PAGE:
The first printing contained a number of other apparatus, including a table for the reading of the Psalms at matins and evensong, and a calendar, an almanac, and a table of holy days and observances. Much of this material has become obsolete with the adoption of the Gregorian Calendar by the UK and its colonies in 1752 and thus modern editions invariably omit it.

So as to make it easier to locate a particular passage, each chapter was headed by a brief precis of its contents with verse numbers. Later editors freely substituted their own chapter summaries, or omit such material entirely.

Typeface, spelling, and format

The original printing was made before English spelling was standardised; and when printers, as a matter of course, expanded and contracted the spelling of the same words in different places, so as to achieve an even column of text (Norton 2005, p. 46) . They set "v" invariably for lower-case initial "u" and "v", and "u" for "u" and "v" everywhere else. They used long " ſ" for non-final "s" (Bobrick 2001, p. 261) . The letter "j" occurs only after "i" or as the final letter in a Roman numeral. Punctuation was relatively heavy, and differed from current practice. When space needed to be saved, the printers sometimes used ye for the, (replacing the Middle English thorn with the continental y), set ã for an or am (in the style of scribe's shorthand), and set "&" for "and". On the contrary, on a few occasions, they appear to have inserted these words when they thought a line needed to be padded. Current printings remove most, but not all, of the variant spellings; the punctuation has also been changed, but still varies from current usage norms.

The first printing used a black letter typeface instead of a Roman typeface, which itself made a political and a religious statement. Like the Great Bible and the Bishops' Bible, the Authorized Version was "appointed to be read in churches". It was a large folio volume meant for public use, not private devotion; the weight of the type mirrored the weight of establishment authority behind it. However, smaller editions and Roman-type editions followed rapidly; e.g. quarto Roman-type editions of the Bible in 1612 (Herbert #313/314). This contrasted with the Geneva Bible, which was the first English Bible printed in a Roman typeface (although black-letter editions, particularly in folio format, were issued later).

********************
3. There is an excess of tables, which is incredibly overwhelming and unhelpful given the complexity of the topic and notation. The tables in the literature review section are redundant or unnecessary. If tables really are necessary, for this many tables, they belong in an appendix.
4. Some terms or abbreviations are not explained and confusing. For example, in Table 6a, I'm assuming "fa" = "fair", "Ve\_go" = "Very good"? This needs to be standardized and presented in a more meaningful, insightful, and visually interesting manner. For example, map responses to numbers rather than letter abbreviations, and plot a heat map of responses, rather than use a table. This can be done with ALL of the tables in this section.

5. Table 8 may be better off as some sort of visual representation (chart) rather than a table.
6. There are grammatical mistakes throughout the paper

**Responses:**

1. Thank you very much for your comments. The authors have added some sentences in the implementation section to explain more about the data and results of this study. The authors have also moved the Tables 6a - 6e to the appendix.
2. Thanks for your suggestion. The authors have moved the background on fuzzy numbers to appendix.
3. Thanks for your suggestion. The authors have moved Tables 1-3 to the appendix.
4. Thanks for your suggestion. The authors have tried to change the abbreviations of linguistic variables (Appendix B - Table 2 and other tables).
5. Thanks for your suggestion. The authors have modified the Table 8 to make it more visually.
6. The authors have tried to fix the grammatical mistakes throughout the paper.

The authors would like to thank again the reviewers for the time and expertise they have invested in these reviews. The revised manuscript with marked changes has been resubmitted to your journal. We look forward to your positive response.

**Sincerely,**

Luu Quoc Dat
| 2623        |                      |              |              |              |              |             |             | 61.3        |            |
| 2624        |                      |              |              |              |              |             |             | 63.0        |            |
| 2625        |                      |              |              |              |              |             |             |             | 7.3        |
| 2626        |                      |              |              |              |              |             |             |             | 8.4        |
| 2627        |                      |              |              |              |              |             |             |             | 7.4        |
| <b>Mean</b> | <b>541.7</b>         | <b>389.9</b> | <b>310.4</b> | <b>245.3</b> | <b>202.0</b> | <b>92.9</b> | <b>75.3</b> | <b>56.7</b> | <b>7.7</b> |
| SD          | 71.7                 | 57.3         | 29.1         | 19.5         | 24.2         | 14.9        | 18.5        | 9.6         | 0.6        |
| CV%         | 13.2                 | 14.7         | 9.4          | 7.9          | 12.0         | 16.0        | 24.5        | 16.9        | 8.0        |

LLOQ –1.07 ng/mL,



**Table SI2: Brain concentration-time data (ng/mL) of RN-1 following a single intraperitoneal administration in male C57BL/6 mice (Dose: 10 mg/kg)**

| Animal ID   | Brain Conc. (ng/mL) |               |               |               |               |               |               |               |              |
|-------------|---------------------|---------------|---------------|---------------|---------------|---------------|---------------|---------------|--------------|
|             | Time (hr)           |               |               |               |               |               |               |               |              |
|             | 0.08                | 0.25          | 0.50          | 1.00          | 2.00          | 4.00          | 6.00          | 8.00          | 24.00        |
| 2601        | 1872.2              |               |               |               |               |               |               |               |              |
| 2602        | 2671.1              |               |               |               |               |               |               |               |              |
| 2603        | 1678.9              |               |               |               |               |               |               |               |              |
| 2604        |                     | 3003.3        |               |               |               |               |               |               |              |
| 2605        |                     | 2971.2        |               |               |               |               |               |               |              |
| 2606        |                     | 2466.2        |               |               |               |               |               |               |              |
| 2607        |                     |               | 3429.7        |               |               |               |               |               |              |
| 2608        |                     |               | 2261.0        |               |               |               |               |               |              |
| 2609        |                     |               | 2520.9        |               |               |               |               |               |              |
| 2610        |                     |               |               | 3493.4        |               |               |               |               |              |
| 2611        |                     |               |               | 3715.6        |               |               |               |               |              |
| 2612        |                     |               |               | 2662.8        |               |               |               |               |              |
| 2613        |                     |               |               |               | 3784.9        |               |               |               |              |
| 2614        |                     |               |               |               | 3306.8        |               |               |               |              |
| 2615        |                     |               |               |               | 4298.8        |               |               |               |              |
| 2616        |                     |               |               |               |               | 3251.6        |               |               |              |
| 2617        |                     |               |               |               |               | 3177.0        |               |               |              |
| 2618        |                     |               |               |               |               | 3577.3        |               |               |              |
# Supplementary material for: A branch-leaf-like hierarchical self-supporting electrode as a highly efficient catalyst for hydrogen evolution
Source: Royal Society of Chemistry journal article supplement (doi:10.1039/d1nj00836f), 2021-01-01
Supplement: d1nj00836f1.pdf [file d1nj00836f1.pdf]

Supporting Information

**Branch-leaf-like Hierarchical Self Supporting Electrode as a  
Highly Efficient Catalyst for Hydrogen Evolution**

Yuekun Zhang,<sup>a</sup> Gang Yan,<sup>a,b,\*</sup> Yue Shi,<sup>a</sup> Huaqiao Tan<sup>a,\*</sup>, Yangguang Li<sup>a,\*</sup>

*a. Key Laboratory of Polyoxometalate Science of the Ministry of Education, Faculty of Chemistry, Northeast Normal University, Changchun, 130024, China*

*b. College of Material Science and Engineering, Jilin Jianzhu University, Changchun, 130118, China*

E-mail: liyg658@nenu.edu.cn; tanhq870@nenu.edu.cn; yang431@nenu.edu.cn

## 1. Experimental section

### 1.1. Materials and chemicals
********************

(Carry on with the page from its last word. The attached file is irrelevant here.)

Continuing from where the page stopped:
In contrast to the Geneva Bible and the Bishops' Bible, which had both been extensively illustrated, there were no illustrations at all in the 1611 edition of the Authorized version; the main form of decoration being the historiated initial letters provided for books and chapters - together with the decorative title pages to the Bible itself, and to the New Testament.

The Authorized Version also used Roman type instead of italics to indicate text that had been supplied by the translators, or thought needful for English grammar but which was not present in the Greek or Hebrew. In the first printing, the device of having different type faces to show supplied words was used sparsely and inconsistently. This is perhaps the most significant difference between the original text and the current text.

The universities of Cambridge and Oxford hold the exclusive right to print the Authorized Version in England, and continue to exercise this right today.

Copyright status

In most of the world the Authorized Version has passed out of copyright and is freely reproduced. This is not the case in the United Kingdom.

In the United Kingdom, the rights to the Authorized Version are held by the British Crown. The rights fall outside the scope of copyright as defined in statute law. Instead they fall under the purview of the Royal Prerogative and as such they are perpetual in subsistence. Publishers are licensed to reproduce the Authorized Version under letters patent. In England, Wales and Northern Ireland the letters patent are held by the Queen's Printer, and in Scotland by the Scottish Bible Board. The office of Queen's Printer has been associated with the right to reproduce the Bible for many years, with the earliest known reference coming in 1577. In England, Wales and Northern Ireland the Queen's Printer is Cambridge University Press (CUP). CUP inherited the right of being Queen's Printer when they took over the firm of Eyre & Spottiswoode in the late 20th century. Eyre & Spottiswoode had been Queen's Printer since 1901.